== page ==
Doctors are Giving Out Antibiotics Like Candy

In the U.S., more than a quarter of antibiotics prescribed to patients each year are inappropriate. Lucy Nicholson/REUTERS

Antibiotic resistance is a growing problem in the U.S.—according to the Centers for Disease Control and Prevention, antibiotic resistance affects some 2 million people in the U.S., and kills 23,000 each year—and it's mostly due to unnecessary prescriptions.

According to a study published on Tuesday in JAMA, approximately 262 million patients who visited their physician received scripts for antibiotics on an outpatient basis from 2010 to 2011. The new report suggests approximately 30 percent of those scripts were inappropriate. The study authors say their findings indicate that the medical community needs clearer guidelines on how to assess the need to give these drugs to patients.

Resistance to antibiotics can have serious consequences. Bacterial infections that are otherwise easy to treat suddenly become life-threatening since first-line antibiotics are no longer effective. Overexposure to antibiotics can also cause a person to develop severe allergies which means the drugs then become no longer safe to use.

For the study, the researchers looked at data from the 2 010 to 2011 National Ambulatory Medical Care Survey and National Hospital Ambulatory Medical Care Survey. Of the 184,032 patients involved, 12.6 percent received a script for antibiotics at a visit with their physician. Most often, antibiotics were prescribed to patients who were diagnosed with sinus infections, followed by ear infections and pharyngitis (inflammation of the throat). Physicians were most likely to inappropriately prescribe antibiotics to patients with acute respiratory conditions. Approximately 221 per 1,000 patients received a script for antibiotics meant to treat respiratory problems, but only an estimated 111 of these scripts were actually essential for treatment, according to the study. Overall, the researchers found that for every 1,000 patients, there were some 506 prescriptions written annually for antibiotics, but only 353 of them were actually useful.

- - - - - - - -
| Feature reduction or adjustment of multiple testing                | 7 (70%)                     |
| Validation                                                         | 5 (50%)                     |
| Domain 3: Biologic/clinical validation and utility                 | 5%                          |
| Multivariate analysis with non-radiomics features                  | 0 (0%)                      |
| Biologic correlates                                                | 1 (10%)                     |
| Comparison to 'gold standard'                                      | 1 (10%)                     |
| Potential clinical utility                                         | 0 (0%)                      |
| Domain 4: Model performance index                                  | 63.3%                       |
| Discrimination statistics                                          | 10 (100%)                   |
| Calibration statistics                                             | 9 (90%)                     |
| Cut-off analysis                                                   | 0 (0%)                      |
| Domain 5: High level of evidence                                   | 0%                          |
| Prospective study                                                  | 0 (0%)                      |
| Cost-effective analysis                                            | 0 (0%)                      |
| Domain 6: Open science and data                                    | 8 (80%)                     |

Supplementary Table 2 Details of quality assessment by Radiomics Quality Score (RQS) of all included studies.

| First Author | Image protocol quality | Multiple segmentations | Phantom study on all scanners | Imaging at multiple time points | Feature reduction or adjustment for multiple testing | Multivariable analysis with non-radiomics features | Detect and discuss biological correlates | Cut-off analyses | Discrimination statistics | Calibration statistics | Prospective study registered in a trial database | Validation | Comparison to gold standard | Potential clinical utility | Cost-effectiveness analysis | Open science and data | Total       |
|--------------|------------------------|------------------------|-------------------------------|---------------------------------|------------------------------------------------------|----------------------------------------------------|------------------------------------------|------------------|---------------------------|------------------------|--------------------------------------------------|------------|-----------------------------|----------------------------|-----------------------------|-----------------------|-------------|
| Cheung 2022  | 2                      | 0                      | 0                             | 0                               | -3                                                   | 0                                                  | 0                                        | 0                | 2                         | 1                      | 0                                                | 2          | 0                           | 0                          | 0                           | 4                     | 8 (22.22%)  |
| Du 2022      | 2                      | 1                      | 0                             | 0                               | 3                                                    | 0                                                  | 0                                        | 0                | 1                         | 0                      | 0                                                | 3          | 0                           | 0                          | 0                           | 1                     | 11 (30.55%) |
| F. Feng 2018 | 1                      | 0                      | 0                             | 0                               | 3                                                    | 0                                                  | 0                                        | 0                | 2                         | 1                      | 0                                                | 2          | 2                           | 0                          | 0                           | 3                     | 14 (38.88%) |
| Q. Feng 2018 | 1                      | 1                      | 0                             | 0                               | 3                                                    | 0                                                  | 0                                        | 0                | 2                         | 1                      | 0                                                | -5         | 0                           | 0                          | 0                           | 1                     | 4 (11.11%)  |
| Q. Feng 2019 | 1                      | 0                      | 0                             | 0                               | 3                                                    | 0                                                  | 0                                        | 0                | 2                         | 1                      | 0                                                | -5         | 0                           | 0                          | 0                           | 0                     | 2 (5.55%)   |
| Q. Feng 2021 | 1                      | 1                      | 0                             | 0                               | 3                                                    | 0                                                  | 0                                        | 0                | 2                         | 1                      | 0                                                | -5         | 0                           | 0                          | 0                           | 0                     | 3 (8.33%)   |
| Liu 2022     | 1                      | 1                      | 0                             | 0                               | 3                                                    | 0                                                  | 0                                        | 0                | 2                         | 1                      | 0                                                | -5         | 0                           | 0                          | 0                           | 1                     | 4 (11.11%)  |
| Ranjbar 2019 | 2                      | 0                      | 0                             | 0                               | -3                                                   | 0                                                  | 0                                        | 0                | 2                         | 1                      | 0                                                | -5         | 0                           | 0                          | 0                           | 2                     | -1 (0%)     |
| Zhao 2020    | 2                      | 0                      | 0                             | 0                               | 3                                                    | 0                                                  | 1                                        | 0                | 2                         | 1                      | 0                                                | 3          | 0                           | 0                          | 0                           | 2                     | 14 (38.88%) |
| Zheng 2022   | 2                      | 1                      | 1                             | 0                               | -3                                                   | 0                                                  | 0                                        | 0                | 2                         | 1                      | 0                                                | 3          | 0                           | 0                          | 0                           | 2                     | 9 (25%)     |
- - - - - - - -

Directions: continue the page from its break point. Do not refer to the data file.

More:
Some experts say part of the problem is that patients are not educated on the use of these drugs, and see the drugs as a panacea for every illness. Results from a survey conducted by the World Health Organization last November involving about 10,000 people from 12 countries found nearly two-thirds (64 percent) said they knew antibiotic resistance is a problem but were uncertain what they could do to help prevent it. Nearly a third of survey participants believed they should stop taking antibiotics when they start to feel better instead of completing the entire course prescribed, which is always recommended by a doctor. Many also thought these drugs are effective for ailments that aren't bacterial: 64 percent said they believed antibiotics can be used to treat influenza and the common cold.

Federal health officials have developed the White House National Plan for Combating Antibiotic-Resistant Bacteria, which has a goal of reducing inappropriate antibiotic use by 50 percent overall by 2020. To reach that target, write the authors of the new study, a key step would be to reduce the number of outpatients who leave their doctor's office with script for one of these drugs by at least 15 percent.